He would be a doctor, allowing Conan Doyle to draw on his medical training and practice experience as he imagined mysteries and murders for his detective to solve. But the name Ormond Sacker would not do, either. He needed “a drab, quiet name for this unostentatious man.” Some real-life doctors likely provided the down-to-earth surname he was seeking. The most obvious was James Watson, an Edinburgh graduate, who practiced in Southsea and served with Conan Doyle on the executive of the Portsmouth Literary and Scientific Society. John Watson would represent the no-nonsense English everyman.
“And so I had my puppets,” Conan Doyle recalled, “and wrote my ‘Study in Scarlet.’”
* * *
Conan Doyle’s original notes for his first Holmes adventure, A Study in Scarlet, featuring the characters Sherrinford Holmes and Ormond Sacker. He soon renamed his mystery-solving duo. (Image: Arthur Conan Doyle Encyclopedia www.arthur-conan-doyle.com)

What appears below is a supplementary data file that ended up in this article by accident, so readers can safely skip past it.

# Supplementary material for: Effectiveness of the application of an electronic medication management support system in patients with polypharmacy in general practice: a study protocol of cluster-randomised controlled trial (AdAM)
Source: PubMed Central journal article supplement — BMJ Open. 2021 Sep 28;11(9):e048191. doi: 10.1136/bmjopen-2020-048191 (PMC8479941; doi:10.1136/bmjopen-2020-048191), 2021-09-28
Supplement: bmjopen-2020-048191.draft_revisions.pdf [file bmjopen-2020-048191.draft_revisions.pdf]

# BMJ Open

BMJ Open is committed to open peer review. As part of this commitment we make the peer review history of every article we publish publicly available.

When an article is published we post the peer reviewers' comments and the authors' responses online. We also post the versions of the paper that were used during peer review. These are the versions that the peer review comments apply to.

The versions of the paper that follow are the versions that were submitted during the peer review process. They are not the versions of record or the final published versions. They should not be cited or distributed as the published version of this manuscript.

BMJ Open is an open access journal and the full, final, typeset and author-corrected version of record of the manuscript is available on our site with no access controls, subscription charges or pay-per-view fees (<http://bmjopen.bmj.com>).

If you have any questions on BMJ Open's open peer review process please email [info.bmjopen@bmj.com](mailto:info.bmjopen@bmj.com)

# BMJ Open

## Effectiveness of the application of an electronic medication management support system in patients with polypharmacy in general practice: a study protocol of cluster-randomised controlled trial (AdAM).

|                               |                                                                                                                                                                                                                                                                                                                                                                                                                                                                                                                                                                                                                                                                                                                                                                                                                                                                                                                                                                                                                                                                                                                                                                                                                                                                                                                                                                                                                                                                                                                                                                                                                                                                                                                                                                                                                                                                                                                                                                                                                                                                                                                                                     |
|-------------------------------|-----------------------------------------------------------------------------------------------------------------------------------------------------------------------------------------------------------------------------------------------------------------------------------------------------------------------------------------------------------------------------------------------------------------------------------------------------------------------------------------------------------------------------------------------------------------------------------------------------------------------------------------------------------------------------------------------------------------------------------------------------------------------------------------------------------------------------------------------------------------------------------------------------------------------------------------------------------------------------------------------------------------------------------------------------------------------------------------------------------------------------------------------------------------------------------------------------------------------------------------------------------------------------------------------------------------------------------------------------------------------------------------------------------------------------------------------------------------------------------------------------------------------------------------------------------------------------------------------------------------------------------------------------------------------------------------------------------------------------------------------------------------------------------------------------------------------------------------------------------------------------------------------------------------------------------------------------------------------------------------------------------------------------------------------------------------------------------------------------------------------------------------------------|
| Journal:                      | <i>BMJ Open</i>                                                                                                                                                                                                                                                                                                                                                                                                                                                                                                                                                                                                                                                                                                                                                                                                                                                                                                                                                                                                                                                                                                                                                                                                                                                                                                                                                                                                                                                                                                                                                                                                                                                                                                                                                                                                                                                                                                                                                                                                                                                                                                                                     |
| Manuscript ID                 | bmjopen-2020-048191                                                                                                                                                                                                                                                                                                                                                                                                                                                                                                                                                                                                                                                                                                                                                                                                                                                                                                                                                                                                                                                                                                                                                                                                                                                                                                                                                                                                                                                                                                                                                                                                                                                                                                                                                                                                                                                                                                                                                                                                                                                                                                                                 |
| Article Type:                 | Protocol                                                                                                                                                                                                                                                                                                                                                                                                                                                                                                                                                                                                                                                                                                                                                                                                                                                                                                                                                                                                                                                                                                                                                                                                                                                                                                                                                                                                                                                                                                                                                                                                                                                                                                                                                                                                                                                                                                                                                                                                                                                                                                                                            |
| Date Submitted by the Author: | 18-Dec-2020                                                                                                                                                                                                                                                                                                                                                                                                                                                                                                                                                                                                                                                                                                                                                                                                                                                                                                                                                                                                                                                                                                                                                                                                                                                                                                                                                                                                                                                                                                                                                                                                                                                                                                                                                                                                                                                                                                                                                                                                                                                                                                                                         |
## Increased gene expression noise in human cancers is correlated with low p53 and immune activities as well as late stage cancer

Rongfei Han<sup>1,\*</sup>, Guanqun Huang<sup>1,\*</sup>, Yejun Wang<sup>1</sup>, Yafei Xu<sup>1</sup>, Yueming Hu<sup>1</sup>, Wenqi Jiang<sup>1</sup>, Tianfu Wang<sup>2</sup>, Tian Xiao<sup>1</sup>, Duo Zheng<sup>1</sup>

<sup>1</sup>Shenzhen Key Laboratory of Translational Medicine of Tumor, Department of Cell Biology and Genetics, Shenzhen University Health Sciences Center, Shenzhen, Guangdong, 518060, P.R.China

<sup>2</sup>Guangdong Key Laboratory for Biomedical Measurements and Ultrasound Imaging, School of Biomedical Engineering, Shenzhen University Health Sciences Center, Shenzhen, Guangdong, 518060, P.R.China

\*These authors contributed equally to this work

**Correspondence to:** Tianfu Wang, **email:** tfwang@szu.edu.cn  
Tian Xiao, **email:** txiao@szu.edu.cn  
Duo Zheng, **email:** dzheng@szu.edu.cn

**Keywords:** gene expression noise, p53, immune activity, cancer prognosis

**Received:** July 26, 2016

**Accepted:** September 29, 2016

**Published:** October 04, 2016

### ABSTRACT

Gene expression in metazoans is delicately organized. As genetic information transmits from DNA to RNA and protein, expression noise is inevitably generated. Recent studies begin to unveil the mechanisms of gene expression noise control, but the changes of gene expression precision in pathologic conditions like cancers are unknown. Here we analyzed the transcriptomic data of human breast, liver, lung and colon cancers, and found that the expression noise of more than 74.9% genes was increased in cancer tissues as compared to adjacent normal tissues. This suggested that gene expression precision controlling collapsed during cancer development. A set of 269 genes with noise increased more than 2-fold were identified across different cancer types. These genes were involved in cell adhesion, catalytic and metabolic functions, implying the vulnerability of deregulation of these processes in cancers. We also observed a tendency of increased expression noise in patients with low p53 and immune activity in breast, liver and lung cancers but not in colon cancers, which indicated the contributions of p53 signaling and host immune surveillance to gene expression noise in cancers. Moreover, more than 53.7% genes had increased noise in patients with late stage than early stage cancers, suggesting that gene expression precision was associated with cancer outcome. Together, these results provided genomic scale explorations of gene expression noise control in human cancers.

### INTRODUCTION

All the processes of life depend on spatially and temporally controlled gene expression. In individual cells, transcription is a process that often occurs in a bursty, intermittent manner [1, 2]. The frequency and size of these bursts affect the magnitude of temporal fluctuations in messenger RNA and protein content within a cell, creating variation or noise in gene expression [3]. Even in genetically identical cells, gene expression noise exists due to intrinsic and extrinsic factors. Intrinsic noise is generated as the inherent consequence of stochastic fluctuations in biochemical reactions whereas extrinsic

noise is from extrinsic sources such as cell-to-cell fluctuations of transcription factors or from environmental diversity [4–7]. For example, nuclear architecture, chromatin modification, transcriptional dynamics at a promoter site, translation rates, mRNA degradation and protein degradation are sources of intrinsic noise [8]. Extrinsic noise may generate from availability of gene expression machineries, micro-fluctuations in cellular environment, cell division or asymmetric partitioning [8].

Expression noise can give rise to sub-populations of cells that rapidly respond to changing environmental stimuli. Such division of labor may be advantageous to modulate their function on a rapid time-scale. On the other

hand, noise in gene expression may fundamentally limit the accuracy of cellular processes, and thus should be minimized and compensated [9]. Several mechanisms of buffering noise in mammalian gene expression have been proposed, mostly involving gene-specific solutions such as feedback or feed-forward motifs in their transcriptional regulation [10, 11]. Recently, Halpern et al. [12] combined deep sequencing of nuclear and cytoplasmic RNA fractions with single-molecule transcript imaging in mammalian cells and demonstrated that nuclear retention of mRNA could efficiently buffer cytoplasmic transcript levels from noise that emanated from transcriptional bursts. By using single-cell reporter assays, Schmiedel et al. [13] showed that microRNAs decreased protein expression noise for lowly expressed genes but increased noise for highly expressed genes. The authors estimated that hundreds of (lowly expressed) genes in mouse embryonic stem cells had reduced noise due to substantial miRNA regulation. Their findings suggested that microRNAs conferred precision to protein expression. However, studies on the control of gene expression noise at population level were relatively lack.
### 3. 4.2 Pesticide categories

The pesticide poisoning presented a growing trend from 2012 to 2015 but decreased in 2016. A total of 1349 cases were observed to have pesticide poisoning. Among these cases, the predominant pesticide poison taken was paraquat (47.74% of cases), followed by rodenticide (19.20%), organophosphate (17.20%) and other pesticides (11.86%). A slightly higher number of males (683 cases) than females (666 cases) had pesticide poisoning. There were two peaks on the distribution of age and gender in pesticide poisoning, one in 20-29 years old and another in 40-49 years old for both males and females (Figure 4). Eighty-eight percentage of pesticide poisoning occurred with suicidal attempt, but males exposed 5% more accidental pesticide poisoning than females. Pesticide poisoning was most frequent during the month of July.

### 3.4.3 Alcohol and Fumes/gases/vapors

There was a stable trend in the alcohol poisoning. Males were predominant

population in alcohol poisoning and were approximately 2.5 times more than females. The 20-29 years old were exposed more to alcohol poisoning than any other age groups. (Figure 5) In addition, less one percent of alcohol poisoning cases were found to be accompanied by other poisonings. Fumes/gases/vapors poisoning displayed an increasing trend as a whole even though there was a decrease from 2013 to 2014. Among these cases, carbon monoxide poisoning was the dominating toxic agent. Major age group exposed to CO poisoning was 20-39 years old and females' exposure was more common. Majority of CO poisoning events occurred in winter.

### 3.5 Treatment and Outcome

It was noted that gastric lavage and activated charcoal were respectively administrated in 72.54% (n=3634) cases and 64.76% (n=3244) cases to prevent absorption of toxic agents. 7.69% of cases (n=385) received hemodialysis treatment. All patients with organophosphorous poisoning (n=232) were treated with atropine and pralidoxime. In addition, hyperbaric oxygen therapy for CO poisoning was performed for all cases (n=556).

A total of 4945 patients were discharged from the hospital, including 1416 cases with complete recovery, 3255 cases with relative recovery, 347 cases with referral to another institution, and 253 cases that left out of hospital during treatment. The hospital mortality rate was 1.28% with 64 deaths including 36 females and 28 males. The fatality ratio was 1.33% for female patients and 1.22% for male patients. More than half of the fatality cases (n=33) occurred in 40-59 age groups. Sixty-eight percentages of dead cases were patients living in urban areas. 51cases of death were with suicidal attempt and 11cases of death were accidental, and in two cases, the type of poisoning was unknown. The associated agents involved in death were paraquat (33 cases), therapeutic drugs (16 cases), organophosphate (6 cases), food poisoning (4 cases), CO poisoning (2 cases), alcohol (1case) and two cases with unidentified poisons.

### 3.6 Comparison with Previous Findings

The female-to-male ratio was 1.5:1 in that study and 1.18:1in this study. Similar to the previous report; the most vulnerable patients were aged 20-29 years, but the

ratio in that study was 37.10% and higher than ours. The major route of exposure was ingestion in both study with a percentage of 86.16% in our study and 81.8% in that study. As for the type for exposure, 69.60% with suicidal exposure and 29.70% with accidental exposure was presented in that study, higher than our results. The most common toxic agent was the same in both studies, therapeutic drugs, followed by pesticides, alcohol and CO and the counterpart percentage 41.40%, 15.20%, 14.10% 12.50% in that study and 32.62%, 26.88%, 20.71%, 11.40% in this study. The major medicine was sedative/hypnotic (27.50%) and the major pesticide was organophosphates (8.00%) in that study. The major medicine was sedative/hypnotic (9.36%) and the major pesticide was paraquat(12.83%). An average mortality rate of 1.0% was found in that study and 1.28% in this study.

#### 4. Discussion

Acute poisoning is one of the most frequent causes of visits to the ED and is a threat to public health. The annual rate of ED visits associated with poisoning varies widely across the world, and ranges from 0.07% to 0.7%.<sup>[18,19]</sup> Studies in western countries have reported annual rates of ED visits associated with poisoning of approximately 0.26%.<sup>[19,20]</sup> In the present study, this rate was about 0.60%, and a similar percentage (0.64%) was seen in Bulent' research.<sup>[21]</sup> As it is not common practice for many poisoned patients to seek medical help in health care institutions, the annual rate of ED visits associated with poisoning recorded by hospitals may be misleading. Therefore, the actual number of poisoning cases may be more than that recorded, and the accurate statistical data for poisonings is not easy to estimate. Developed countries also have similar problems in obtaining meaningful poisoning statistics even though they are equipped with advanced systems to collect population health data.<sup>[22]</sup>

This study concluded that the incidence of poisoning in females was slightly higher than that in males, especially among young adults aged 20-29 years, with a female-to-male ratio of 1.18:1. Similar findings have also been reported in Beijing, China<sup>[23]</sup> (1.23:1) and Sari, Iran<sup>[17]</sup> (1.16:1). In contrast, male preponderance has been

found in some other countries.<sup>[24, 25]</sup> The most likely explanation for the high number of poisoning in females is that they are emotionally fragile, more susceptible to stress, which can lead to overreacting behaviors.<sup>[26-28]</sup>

Seven words launched one of the greatest friendships in literary history.
“You have been in Afghanistan, I perceive.”
The moment a mutual friend introduces Holmes to Watson is pure Joe Bell. As Holmes later explained to the bewildered doctor, he instantly pegged him as “a gentleman of a medical type” who had “the air of a military man.” A deep tan showed he had served in a warm climate and the awkward way he held his left arm suggested an injury—indeed, Watson had been shot in the shoulder in battle. “Where in the tropics could an English army doctor have seen much hardship and got his arm wounded? Clearly in Afghanistan.”